But at the same time, digitalization helps to meet the sustainability requirements of customers and partners, for example by improving supply chain transparency or resource calculation. To remain competitive and produce efficiently and flexibly, companies can no longer do without digital technologies. Digitalization offers solutions to many of the challenges the entire industry and supply chain are currently facing.

7. What are the main challenges facing German textile machinery manufacturers today, both domestically and internationally?

A major challenge is the geopolitical uncertainty. The textile machinery industry has benefited from free trade more than almost any other sector in recent decades. Things we took for certain in international politics are disappearing. Protectionism is on the rise. The conflict between China and the USA will continue and with it the de-risking efforts of many companies in the value chains.

Increasing regulations i.e. from the European Commission is a danger for the international competitiveness of European machinery manufacturers. It is important to maintain a level playing field in international competition so that increasing regulations do not have a negative impact on European manufacturers.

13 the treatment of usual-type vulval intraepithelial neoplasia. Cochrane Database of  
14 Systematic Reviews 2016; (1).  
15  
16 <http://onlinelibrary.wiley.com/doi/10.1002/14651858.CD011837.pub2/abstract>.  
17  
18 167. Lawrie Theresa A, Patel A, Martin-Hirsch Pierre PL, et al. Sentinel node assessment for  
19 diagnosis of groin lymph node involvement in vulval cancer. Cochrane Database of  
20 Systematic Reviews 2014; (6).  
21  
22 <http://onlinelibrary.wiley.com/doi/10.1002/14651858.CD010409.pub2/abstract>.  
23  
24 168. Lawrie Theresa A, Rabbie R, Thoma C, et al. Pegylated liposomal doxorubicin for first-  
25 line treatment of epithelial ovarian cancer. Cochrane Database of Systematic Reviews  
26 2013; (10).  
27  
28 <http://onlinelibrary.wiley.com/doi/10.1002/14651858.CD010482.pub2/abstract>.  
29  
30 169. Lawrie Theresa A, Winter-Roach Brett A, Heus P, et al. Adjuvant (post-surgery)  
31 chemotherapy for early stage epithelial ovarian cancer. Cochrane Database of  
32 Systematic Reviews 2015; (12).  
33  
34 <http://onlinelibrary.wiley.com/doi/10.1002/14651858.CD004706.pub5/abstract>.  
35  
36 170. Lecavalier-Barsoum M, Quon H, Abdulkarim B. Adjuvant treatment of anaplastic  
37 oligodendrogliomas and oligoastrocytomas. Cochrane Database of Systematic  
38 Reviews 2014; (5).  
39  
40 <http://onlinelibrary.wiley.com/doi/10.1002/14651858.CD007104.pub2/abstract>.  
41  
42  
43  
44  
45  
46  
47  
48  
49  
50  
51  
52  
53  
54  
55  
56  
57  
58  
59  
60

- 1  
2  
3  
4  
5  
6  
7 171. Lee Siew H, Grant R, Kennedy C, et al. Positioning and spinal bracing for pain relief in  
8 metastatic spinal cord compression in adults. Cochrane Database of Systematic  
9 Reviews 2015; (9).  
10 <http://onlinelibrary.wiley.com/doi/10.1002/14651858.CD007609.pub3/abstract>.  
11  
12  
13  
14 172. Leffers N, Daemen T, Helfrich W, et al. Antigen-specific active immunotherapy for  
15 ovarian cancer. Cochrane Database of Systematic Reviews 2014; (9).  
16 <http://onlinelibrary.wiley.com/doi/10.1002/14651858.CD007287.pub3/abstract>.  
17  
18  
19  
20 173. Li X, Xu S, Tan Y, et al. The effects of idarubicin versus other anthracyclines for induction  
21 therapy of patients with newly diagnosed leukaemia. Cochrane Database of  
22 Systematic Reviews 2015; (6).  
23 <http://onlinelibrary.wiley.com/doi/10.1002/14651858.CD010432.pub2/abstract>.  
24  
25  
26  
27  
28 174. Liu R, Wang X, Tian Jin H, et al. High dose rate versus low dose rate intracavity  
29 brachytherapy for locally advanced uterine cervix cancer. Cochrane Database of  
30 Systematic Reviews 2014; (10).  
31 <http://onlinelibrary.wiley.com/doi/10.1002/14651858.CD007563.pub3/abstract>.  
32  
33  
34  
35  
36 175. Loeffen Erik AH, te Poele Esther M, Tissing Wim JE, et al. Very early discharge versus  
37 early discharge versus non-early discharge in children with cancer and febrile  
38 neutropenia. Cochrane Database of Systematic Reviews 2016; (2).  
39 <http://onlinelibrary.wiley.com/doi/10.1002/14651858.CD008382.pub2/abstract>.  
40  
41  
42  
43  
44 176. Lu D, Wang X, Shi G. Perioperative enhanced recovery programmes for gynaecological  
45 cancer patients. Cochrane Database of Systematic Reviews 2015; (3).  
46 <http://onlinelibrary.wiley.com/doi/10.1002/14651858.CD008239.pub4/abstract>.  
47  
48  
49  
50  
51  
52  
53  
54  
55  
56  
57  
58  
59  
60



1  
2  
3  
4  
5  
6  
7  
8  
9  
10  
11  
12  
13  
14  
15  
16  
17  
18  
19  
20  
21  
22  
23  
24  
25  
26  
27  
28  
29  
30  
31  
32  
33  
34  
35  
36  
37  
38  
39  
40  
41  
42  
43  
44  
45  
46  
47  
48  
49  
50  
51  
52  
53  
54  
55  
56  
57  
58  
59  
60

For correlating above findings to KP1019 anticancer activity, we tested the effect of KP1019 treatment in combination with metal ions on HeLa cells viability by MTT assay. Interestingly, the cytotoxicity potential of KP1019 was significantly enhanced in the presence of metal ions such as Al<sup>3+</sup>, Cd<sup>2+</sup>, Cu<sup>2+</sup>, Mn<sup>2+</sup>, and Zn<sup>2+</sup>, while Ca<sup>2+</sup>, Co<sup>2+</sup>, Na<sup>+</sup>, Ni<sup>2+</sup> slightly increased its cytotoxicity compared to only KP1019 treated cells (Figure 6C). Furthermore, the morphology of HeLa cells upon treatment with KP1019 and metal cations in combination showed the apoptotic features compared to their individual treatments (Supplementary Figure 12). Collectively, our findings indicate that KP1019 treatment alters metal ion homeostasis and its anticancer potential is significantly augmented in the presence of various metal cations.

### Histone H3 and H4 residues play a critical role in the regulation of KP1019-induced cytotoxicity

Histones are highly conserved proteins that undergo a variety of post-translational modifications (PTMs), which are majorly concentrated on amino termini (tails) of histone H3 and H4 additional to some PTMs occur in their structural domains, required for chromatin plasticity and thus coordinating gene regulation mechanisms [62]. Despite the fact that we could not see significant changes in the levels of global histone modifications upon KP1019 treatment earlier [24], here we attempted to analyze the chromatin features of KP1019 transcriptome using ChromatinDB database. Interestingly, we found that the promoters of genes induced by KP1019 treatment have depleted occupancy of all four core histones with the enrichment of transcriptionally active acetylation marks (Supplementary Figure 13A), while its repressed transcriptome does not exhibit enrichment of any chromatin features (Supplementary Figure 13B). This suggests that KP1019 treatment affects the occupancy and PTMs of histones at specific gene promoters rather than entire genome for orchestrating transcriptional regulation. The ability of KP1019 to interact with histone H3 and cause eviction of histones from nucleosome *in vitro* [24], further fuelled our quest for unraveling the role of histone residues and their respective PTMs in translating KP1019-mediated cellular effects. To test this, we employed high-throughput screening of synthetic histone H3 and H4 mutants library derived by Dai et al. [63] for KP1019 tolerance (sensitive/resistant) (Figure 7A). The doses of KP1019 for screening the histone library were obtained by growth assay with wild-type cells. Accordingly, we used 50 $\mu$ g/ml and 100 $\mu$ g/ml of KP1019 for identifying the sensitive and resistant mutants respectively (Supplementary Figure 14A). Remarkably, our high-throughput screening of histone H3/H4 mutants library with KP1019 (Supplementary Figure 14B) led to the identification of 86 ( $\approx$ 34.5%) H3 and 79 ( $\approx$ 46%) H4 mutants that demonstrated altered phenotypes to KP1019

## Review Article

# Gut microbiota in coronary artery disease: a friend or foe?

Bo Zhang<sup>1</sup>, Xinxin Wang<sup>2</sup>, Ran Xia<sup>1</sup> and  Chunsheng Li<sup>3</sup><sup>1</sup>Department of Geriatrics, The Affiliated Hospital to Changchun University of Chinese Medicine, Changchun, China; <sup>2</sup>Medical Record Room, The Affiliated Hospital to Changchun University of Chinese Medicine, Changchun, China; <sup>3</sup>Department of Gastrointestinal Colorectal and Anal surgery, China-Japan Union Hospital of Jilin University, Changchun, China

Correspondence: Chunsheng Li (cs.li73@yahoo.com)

Challenges in Germany itself are ever increasing bureaucracy and the shortage of labour. VDMA is active with initiatives and campaigns to promote the machinery industry as an attractive employer among young people.


In conclusion, Dr. Harald Weber insights have underscored the pivotal role of ITM Istanbul in facilitating trade and collaboration within the textile machinery sector. From the challenges posed by geopolitical uncertainties to the transformative impact of digitalization and sustainability initiatives, the industry continues to evolve dynamically. With proactive measures such as embracing Industry 4.0 principles and addressing regulatory concerns, German manufacturers are poised to navigate the complexities of the global market while driving innovation and sustainable growth.